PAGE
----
I supply gro­cery money, or pick up some chicken, or empty the dish­washer so I can feel helpful, then stand by use­lessly watching my friend cook for me and my chil­dren.

She and her hus­band are my care­givers now.  I hope I don’t burn them out.

Sometimes I miss being able to clean the bath­room on a Saturday, or reor­ga­nize a room, or cook a meal without injuring myself or dam­aging our cook­ware. 

Sometimes I wish I could do some­thing about all that laundry on the floor.

Sometimes I wish that I could do more for my kids than stare at my com­puter or phone only to rouse myself when they ask me for some­thing.

Sometimes I wonder if I’m just building a wall of unfelt grief and panic that will some day come crashing down and wash the rest of my life away.  But that hasn’t hap­pened yet, and in the mean­time, my new muted emo­tions can be a blessed relief.

It’s what I need right now. It’s how things are.

7 Comments

  1. I know you prob­ably don’t want to hear this, but as someone who did the camouflage/masking thing for decades before finally burning out in a hor­rific case of burnout that was only ever growing worse I just want to say: your needs are still real. Your emo­tions are giving you sig­nals about what your mind and body need in order to func­tion. The longer you go without meeting those needs the more (per­ma­nent?) damage you are doing to your­self.

    Your husband’s con­di­tion does not sud­denly mean your needs aren’t important- that’s that binary thinking we do often fall into when stressed, right?

    I’m really glad you have the resources to hire a maid and that you have the com­mu­nity for com­munal meals — but those things are just keeping your heart beating. They do nothing to assuage the spir­i­tual and emo­tional needs that you are crushing as a coping mech­a­nism, and when the crash comes for you it will be cat­a­strophic.

    At best I see this as a tem­po­rary emer­gency mea­sure — you have turned off life sup­port on your space ship because you need to divert more power to the shields, sure. But this is not a viable way to go through life, you know? That life sup­port is nec­es­sary.

    Anyway, I really hope you are able to find a better bal­ance, but I also under­stand that healthy bal­ance is a priv­i­lege that many of us can only aspire to. (I’m nowhere near there myself, but I’ve been working on it for years and finally making progress.)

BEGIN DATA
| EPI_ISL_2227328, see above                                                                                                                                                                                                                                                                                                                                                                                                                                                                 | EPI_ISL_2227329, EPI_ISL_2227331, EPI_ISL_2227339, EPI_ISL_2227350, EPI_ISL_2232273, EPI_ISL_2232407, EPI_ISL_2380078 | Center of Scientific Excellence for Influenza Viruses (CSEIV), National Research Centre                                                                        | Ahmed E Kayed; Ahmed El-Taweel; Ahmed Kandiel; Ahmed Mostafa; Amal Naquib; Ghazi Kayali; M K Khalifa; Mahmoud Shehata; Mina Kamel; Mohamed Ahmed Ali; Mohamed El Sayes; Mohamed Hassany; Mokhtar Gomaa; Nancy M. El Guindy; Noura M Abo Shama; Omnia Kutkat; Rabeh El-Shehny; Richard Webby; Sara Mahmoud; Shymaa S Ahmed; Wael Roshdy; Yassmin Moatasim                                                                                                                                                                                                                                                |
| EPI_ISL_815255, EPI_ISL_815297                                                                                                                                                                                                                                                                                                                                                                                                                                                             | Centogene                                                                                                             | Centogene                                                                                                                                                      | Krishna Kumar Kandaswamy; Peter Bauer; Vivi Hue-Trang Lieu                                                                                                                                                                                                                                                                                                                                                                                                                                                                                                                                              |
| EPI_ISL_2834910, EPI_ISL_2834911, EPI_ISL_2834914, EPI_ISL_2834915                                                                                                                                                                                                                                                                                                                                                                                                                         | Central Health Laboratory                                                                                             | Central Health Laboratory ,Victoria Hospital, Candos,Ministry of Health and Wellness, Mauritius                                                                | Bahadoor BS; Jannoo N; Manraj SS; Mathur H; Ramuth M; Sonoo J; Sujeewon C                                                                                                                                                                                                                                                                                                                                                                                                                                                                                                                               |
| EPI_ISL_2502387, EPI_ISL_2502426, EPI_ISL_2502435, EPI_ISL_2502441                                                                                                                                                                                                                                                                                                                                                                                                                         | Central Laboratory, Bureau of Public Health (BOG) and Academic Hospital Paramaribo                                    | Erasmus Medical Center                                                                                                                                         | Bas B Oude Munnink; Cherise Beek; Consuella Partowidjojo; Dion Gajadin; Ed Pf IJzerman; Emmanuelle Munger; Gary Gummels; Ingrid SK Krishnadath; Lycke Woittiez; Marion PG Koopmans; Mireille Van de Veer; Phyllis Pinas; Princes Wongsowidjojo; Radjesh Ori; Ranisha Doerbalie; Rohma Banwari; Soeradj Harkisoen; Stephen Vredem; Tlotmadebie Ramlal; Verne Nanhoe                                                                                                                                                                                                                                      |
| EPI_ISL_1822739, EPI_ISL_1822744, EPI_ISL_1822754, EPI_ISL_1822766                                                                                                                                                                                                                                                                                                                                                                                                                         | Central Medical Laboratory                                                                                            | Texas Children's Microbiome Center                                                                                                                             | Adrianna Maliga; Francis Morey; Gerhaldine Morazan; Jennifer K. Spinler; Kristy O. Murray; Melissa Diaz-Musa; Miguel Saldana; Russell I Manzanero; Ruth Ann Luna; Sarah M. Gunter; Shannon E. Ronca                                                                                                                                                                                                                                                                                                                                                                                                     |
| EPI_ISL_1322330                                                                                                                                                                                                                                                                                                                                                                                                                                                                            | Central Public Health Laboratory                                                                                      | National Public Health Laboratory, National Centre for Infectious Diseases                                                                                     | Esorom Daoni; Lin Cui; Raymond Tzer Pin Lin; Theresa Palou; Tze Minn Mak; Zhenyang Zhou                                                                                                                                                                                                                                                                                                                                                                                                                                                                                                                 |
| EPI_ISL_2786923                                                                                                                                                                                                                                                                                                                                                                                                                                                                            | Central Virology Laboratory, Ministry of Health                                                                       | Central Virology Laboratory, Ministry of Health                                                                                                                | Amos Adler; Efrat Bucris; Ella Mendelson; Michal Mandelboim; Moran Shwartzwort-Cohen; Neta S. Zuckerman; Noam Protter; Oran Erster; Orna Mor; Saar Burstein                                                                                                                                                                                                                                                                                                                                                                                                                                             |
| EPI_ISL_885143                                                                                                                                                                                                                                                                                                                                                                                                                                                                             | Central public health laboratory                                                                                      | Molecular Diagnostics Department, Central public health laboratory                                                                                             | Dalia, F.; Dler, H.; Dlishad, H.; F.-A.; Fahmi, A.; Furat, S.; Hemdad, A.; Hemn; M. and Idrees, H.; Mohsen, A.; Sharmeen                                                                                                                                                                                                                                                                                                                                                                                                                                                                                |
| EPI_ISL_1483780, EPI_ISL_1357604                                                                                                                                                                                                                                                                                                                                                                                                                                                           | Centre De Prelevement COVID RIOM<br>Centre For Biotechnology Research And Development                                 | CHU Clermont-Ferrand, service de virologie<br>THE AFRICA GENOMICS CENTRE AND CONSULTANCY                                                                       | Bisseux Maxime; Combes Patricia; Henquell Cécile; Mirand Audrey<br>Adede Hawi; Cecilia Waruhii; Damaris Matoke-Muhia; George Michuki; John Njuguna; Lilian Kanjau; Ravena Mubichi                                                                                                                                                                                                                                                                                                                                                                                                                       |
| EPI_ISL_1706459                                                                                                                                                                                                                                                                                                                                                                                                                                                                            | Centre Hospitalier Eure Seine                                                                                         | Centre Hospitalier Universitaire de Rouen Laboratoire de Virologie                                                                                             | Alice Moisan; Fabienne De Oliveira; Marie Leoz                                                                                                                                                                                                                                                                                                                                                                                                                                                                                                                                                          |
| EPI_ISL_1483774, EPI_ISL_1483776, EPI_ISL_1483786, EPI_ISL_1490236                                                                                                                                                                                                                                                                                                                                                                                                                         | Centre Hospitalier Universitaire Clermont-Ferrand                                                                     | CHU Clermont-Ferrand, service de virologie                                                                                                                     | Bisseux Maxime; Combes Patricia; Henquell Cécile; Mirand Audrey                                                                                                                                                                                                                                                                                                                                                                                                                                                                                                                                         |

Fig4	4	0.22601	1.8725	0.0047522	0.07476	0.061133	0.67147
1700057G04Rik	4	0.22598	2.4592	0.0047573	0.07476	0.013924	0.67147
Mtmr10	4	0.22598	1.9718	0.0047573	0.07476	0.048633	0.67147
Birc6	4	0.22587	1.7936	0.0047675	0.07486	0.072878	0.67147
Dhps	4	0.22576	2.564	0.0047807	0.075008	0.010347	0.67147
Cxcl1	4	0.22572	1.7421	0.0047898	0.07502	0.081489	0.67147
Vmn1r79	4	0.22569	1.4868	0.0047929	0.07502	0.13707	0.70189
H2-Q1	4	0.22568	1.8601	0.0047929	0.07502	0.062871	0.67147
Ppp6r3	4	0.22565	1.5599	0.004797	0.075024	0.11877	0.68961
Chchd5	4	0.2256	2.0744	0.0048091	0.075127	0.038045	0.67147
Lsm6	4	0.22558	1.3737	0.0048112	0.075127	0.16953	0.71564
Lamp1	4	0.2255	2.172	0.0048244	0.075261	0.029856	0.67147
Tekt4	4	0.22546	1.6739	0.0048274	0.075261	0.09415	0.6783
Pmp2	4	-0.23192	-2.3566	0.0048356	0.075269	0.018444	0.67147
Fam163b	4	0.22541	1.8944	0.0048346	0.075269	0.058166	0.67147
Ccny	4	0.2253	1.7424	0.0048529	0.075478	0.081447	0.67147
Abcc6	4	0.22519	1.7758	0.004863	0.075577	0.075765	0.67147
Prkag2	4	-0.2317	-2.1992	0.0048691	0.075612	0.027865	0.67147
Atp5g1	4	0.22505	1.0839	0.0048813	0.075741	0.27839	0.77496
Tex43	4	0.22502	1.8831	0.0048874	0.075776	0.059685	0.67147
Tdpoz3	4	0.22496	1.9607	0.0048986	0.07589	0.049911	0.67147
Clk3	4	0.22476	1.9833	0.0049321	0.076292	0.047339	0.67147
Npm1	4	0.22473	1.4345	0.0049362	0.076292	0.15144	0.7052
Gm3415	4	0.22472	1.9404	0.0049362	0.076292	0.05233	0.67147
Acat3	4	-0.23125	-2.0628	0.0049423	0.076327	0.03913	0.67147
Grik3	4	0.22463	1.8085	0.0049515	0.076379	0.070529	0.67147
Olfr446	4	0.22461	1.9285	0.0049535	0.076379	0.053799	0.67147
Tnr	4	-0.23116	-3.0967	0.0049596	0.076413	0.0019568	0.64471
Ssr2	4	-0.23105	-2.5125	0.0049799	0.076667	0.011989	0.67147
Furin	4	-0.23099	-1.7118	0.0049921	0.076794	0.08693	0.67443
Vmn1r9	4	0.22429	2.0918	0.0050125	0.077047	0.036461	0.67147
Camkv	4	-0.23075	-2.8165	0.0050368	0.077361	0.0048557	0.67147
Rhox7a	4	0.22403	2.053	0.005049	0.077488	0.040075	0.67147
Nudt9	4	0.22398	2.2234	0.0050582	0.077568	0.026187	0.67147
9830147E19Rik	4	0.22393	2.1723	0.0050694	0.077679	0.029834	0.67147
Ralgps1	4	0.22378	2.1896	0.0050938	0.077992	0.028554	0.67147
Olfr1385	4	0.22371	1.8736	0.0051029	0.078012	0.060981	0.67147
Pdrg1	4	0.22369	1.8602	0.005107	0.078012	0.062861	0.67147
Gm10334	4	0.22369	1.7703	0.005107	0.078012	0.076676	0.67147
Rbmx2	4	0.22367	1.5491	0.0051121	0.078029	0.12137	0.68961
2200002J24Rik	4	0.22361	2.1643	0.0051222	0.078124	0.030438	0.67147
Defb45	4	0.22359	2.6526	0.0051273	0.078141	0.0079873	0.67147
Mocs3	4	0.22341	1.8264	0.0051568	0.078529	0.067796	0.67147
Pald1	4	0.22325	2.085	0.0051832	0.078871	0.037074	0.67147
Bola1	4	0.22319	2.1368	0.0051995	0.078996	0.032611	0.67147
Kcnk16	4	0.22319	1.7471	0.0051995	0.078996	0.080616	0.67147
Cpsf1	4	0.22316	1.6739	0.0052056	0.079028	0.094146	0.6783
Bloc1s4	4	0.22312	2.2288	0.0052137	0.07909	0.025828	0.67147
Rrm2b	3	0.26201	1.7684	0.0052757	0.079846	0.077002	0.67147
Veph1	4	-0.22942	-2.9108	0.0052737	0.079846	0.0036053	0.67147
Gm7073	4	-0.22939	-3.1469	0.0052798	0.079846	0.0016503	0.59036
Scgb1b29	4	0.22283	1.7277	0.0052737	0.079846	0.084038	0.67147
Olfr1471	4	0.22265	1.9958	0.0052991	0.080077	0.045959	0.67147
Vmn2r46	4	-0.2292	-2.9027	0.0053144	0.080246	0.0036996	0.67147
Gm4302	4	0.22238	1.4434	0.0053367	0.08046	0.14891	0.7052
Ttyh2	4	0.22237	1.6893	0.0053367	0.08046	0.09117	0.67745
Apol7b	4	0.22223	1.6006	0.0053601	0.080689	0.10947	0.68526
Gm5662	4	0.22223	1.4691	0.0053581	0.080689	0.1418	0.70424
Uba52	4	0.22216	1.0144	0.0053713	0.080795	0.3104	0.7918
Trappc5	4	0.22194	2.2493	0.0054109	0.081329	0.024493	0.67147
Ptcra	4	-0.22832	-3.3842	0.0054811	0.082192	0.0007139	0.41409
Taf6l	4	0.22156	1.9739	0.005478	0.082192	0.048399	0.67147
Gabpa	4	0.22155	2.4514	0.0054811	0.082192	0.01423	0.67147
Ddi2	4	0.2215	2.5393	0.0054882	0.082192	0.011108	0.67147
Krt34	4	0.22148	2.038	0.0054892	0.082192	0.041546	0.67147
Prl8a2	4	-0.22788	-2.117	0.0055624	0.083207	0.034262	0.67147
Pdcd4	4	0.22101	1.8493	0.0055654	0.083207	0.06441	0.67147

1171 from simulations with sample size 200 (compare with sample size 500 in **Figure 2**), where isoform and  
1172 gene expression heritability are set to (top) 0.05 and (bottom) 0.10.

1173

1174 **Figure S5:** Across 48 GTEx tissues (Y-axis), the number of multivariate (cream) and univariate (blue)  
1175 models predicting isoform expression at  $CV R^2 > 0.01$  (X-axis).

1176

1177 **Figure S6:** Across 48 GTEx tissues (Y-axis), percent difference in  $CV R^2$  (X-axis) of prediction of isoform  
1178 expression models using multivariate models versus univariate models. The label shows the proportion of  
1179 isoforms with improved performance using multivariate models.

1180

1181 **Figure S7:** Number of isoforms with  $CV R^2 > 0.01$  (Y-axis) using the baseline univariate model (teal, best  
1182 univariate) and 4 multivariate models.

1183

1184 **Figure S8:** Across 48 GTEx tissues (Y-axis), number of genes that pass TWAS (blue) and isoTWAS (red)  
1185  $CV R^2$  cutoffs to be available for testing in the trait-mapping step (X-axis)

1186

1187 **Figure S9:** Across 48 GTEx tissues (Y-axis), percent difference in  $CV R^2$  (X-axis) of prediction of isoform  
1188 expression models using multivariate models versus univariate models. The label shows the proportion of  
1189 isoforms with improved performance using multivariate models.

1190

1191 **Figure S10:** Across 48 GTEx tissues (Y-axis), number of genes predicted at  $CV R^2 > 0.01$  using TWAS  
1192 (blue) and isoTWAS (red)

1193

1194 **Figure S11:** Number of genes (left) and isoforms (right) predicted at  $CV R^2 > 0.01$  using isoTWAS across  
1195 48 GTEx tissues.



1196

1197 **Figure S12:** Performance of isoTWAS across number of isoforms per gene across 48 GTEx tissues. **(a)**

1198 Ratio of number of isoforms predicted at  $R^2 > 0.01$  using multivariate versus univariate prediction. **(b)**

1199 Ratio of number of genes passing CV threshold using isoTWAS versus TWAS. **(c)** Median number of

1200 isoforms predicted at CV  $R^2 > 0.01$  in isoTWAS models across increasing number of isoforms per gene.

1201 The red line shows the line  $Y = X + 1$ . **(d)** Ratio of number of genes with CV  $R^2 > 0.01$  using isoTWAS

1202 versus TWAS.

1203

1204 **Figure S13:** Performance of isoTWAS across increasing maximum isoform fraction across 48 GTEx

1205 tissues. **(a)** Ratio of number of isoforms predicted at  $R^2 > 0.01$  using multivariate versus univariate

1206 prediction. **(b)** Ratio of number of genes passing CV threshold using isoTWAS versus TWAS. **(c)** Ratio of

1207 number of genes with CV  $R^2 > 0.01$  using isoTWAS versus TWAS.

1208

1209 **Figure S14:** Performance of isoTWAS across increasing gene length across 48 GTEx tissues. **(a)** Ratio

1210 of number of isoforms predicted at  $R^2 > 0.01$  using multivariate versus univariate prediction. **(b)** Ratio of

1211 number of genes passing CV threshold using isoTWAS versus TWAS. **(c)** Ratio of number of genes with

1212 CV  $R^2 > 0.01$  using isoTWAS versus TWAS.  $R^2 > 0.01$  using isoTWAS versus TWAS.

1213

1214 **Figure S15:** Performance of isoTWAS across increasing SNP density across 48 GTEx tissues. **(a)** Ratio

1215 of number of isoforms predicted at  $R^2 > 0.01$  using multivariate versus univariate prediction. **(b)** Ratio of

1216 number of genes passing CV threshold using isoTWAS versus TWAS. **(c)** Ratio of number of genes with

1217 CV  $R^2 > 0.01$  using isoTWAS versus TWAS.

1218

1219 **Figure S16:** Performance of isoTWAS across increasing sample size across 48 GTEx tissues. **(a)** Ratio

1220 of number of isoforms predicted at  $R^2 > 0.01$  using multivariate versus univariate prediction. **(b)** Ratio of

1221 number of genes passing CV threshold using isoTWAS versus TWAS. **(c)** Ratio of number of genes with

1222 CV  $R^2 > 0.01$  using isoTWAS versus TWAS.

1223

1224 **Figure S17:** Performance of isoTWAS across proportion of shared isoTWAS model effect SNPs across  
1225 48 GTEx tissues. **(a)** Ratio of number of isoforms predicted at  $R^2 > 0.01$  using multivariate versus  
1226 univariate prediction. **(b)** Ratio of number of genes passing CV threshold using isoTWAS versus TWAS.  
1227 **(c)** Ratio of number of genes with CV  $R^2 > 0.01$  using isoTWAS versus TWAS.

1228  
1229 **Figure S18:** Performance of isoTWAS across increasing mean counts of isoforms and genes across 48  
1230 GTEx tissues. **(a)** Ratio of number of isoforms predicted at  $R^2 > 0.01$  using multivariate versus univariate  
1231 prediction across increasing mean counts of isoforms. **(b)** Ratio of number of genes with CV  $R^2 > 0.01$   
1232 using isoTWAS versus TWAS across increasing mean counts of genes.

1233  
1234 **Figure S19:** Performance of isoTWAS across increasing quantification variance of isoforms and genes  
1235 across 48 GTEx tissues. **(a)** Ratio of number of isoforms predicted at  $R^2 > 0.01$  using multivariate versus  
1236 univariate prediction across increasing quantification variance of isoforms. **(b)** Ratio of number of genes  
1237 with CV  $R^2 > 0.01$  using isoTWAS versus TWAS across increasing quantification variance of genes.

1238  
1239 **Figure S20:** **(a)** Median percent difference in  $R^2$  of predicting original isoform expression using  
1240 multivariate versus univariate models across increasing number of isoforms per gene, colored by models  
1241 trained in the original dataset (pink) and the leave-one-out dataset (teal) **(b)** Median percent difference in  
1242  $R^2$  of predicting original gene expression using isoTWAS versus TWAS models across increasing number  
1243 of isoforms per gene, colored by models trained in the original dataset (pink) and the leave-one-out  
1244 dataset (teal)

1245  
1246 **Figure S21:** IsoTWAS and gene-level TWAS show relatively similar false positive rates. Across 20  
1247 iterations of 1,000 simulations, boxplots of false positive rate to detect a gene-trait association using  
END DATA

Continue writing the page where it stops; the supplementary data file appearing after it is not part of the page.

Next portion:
Hang in there, and please try to remember that you matter too — because if you pre­tend that you don’t for long enough you will lose your­self. 💚💚

    1. Author

      Thank you. I’m absolutely aware of the damage it’s doing to me- my com­plete loss of exec­u­tive func­tion shows it — but there’s no way around it, you know? Kids gotta be fed. Money gotta be earned…

  2. Thank you so much. I believe I am autistic. This is so honest thanks

  3. I’ve been doing the exact same things for a few years now, thank you for putting it in words for me to read and rec­og­nize!! I often feel that this is “safe mode”, like for PCs. Only main func­tions can be per­formed like working to make ends meet, caring for the kids.…etc.
    Everything else just has to wait for more power, that may or may not ever come back! Talk about the “Walking Dead”!

  4. This was my 2017–18. I’m still slog­ging through the taking care of 3 kids and working, but being sep­a­rated gives me three nights a week to feel my feel­ings. Thank you so much for writing this, I’m so excited to read your other work.


  5. My teenager was just diag­nosed, and when I blogged about that, someone sug­gested I read as many first person accounts of adult autism as I can find. Your post has, um, given me a lot to think about. The mood of the first part was so upbeat I kept thinking, well, this doesn’t seem so bad. Well, then it sort of crashed, and I got a taste of what people get when they read the stuff I write. Ultimately though, I found it encour­aging that you’ve been able to step-up when nec­es­sary. My son is going into stepping-up boot camp, because now we know this isn’t just a bunch of stuff he’s going to out grow.

    I hope you’ve carved out a small amount of self care since you wrote this.